An-87- years old Indian man Dr. Hari Shukla from England is the first one to receive the COVID-19 vaccine in the UK.
Hari Shukla from Tyne and Wear said he was delighted to know that the world was coming to the end of the year-long pandemic with the launch of the vaccinations, with the United Kingdom granting Pfizer’s coronavirus vaccine its approval for emergency use.
Dr. Shukla is from Kenya, where his father migrated to work on the railways, originally from Bombay.
Until moving to Newcastle in 1974, he studied at Exeter University, returned to Kenya to teach, and was offered his first job in race relations in Scunthorpe.
For his studies on race relations and helping to bring societies together, Dr. Shukla was awarded an MBE, OBE and CBE.
Dr. Shukla will be vaccinated with his better half Ranjan, 83, at the city’s Royal Infirmary on Tuesday morning. “When I received a telephone call, I was very excited that I got the opportunity of joining in and taking part,” said Dr.Shukla
“Hopefully, I’m so pleased that we’re coming to the end of this pandemic and I’m delighted to do my bit by getting the vaccine, I feel it’s my duty to do it and do whatever I can to help,” Shukla said.
Hari Shukla said, adding, “It’s a big relief because it’s not an ordinary crisis,” “I’m not nervous, or anything like that. I’m looking forward to it.”
People aged 80 and over, care home workers, as well as NHS workers who are at higher risk, will be first in line to receive the “life-saving jab”.
The Pfizer/BionTech formula is an mRNA vaccine that uses a small fragment of the pandemic virus’s genetic code to teach the body how to combat and develop immunity against Covid-19.
It is delivered in two portions of 21 days separated and, as per specialists, it has demonstrated a solid invulnerability reaction kicking in following seven days of the subsequent portion.
On Tuesday, England will begin dispensing the coronavirus vaccine developed by Pfizer and BioNTech. In the first week, nearly 800,000 doses are required to be available, with care home residents and nurses, the over 80s and some wellbeing administration laborers the first concern to get the shots.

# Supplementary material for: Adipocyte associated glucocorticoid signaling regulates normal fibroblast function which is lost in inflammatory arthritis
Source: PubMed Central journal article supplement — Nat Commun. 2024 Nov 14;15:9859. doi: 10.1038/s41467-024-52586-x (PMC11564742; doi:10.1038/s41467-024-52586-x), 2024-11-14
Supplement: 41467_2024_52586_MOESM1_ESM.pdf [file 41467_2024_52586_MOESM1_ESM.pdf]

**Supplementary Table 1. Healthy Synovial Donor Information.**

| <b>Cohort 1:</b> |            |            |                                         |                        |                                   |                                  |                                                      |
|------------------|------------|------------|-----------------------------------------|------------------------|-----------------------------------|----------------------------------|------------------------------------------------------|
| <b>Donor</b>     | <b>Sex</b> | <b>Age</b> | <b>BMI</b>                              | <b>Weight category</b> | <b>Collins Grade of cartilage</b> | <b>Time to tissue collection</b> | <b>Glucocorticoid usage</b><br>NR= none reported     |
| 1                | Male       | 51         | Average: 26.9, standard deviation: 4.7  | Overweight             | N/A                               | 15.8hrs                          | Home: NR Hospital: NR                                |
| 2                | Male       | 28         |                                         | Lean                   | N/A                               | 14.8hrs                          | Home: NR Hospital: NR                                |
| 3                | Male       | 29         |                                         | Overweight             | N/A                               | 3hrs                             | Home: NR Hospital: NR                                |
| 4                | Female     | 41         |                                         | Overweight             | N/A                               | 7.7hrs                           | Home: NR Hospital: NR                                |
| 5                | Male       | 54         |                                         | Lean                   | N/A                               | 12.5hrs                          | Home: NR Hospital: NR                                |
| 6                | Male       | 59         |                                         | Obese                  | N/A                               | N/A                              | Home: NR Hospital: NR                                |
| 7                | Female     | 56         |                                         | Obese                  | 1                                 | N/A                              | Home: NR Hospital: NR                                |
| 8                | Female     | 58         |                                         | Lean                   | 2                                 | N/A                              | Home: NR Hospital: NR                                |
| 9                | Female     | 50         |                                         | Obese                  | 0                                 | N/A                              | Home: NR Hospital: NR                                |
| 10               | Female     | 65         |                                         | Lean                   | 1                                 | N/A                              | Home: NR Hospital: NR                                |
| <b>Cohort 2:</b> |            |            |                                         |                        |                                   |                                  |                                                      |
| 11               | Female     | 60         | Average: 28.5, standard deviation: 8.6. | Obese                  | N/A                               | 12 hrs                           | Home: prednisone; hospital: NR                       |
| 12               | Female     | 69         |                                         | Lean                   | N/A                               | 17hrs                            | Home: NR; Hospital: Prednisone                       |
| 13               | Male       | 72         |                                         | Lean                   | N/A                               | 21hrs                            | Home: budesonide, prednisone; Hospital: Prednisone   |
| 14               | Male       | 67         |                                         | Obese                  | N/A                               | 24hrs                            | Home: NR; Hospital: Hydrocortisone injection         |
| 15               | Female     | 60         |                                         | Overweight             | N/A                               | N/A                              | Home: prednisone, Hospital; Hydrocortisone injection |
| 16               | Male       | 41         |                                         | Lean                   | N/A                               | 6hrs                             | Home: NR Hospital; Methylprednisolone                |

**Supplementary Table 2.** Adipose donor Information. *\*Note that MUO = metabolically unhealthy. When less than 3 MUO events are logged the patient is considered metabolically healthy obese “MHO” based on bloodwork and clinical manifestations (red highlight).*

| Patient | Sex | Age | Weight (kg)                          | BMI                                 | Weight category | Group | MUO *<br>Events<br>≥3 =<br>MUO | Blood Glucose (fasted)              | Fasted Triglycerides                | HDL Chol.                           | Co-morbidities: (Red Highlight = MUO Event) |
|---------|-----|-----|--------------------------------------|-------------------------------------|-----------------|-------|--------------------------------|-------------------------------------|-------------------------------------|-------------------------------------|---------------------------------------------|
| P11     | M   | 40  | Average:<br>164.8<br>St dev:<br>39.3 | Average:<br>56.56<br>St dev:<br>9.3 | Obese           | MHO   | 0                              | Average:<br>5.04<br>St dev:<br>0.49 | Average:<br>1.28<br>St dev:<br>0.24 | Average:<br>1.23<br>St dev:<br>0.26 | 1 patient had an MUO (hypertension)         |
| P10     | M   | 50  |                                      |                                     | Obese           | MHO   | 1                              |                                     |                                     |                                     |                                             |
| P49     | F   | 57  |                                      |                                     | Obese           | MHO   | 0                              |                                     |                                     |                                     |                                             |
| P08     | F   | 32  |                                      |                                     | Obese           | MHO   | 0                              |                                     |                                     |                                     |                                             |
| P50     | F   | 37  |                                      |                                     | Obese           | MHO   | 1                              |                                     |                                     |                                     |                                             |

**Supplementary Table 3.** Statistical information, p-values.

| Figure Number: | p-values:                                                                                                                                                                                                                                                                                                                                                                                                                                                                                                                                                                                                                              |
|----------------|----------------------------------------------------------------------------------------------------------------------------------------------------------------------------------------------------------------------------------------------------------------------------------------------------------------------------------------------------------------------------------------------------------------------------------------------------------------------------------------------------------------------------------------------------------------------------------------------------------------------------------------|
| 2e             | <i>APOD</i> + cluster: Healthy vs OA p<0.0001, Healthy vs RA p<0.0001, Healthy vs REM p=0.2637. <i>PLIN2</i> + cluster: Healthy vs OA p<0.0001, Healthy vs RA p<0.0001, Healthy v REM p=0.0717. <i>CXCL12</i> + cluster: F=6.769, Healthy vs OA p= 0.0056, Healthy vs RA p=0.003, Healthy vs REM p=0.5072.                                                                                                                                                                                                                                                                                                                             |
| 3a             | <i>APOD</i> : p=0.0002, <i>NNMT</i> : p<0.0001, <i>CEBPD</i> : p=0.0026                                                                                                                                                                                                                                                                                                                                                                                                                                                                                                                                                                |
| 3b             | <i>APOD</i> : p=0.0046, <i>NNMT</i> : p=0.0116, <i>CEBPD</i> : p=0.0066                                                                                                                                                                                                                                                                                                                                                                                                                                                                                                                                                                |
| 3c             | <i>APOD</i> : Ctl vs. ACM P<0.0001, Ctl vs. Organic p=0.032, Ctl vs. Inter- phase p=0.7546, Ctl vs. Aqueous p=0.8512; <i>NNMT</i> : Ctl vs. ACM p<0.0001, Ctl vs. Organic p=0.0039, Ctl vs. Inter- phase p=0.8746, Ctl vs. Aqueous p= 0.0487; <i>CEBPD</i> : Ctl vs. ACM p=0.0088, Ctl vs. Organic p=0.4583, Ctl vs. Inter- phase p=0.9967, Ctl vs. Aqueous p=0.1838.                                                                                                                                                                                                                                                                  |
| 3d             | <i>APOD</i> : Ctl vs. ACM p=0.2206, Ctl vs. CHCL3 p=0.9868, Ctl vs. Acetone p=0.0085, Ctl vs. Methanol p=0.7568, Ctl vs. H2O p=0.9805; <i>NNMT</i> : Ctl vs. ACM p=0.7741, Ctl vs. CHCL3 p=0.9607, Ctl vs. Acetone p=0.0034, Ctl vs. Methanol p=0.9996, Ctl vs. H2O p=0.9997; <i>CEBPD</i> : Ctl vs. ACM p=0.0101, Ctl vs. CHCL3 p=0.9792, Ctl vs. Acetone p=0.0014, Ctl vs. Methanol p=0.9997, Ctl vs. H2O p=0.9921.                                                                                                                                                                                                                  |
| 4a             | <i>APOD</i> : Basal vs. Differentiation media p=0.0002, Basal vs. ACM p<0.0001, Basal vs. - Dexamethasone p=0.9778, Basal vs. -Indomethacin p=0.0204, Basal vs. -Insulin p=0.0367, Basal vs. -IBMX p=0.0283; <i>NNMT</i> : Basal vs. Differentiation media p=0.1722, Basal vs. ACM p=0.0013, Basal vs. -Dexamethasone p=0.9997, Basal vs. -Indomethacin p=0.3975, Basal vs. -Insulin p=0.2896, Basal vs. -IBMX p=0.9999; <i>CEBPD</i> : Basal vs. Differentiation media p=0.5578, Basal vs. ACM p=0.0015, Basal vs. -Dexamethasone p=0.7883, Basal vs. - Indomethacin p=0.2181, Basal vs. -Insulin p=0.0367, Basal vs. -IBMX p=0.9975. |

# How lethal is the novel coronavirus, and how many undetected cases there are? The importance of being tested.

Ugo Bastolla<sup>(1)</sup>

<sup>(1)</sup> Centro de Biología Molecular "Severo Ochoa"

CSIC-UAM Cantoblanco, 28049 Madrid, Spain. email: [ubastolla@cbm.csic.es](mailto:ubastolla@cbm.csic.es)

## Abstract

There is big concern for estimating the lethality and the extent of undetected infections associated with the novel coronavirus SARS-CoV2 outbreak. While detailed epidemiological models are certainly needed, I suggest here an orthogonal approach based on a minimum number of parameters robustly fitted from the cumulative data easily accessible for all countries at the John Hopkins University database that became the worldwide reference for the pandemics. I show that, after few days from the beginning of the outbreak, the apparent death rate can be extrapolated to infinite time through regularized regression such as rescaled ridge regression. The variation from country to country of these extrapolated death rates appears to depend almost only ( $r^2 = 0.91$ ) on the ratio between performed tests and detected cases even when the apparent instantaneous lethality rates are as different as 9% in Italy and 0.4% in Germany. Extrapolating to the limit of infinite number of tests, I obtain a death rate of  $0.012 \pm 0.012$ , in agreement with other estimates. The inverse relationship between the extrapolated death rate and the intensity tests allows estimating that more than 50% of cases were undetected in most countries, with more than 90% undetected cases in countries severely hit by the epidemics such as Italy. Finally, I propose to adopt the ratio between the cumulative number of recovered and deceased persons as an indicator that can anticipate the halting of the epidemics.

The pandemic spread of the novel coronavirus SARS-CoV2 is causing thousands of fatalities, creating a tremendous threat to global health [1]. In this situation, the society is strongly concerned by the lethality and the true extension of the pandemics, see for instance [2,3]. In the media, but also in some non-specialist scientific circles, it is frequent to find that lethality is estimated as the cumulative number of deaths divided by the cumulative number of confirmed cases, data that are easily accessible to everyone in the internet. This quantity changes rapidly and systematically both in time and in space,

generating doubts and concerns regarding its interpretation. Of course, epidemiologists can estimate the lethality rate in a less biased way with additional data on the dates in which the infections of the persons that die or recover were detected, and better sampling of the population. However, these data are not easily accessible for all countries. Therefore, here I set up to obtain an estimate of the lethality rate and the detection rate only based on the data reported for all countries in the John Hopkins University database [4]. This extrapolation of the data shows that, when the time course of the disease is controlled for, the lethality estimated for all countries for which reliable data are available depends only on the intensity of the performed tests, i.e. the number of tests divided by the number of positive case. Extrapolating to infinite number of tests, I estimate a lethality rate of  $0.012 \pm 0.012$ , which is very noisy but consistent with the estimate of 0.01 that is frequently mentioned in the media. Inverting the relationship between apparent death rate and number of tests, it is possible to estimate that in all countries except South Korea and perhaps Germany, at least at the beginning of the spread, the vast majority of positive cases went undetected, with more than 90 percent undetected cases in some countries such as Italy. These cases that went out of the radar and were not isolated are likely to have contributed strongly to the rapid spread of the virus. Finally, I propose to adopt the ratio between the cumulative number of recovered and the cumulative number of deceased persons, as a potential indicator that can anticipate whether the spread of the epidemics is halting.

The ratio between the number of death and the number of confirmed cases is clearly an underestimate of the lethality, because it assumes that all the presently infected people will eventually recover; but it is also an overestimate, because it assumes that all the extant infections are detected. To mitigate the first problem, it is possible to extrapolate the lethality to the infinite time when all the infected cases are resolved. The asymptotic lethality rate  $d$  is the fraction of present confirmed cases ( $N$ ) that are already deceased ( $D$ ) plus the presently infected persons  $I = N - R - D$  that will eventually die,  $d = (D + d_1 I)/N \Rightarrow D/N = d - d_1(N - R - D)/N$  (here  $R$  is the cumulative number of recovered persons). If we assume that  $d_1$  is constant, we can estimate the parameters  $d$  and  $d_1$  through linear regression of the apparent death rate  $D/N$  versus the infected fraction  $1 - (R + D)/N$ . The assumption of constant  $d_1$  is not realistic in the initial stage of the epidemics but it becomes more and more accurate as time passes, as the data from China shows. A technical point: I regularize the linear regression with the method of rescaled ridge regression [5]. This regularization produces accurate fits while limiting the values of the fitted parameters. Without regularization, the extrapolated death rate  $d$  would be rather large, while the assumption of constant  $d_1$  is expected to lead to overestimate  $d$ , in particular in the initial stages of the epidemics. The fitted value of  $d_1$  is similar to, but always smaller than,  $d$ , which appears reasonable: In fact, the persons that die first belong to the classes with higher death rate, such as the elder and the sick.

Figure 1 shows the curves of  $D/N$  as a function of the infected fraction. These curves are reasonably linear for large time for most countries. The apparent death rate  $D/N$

“We will look back on today, V-day, as a key moment in our fight back against this terrible disease, and I am proud our health services across the United Kingdom are about to embark on our largest ever vaccination program,” said UK Health Secretary Matt Hancock.
“With over-80s and frontline health and care staff receiving their vaccinations from today, the whole country will breathe a collective sigh of relief as our most vulnerable loved ones start to be given protection from the virus. Now’s the time to sit tight and remain patient until you get notified by the NHS that it’s time for your vaccination,” he said, adding that the light at the end of the tunnel is visible but there is still a long way to go.
“Coronavirus is the greatest health challenge in NHS history, taking loved ones from us and disrupting every part of our lives,” said Sir Simon Stevens, NHS Chief Executive.
“The deployment of this vaccine marks a decisive turning point in the battle with the pandemic. NHS vaccination programs which have successfully helped overcome tuberculosis, polio, and smallpox, now turn their focus to coronavirus. NHS staff are proud to be leading the way as the first health service in the world to begin vaccination with this COVID jab,” he said.
On the basis of the guidelines set by the Joint Committee on Vaccination and Immunisation of the United Kingdom, Shukla was informed by the NHS as part of a phased rollout strategy focused on those at the highest risk of death from the deadly virus. People aged 80 and over, care home staff, as well as NHS workers at higher risk, will receive the “life-saving jab” first in line.
Scotland’s First Minister Nicola Sturgeon said: “Finally there is light at the end of the tunnel.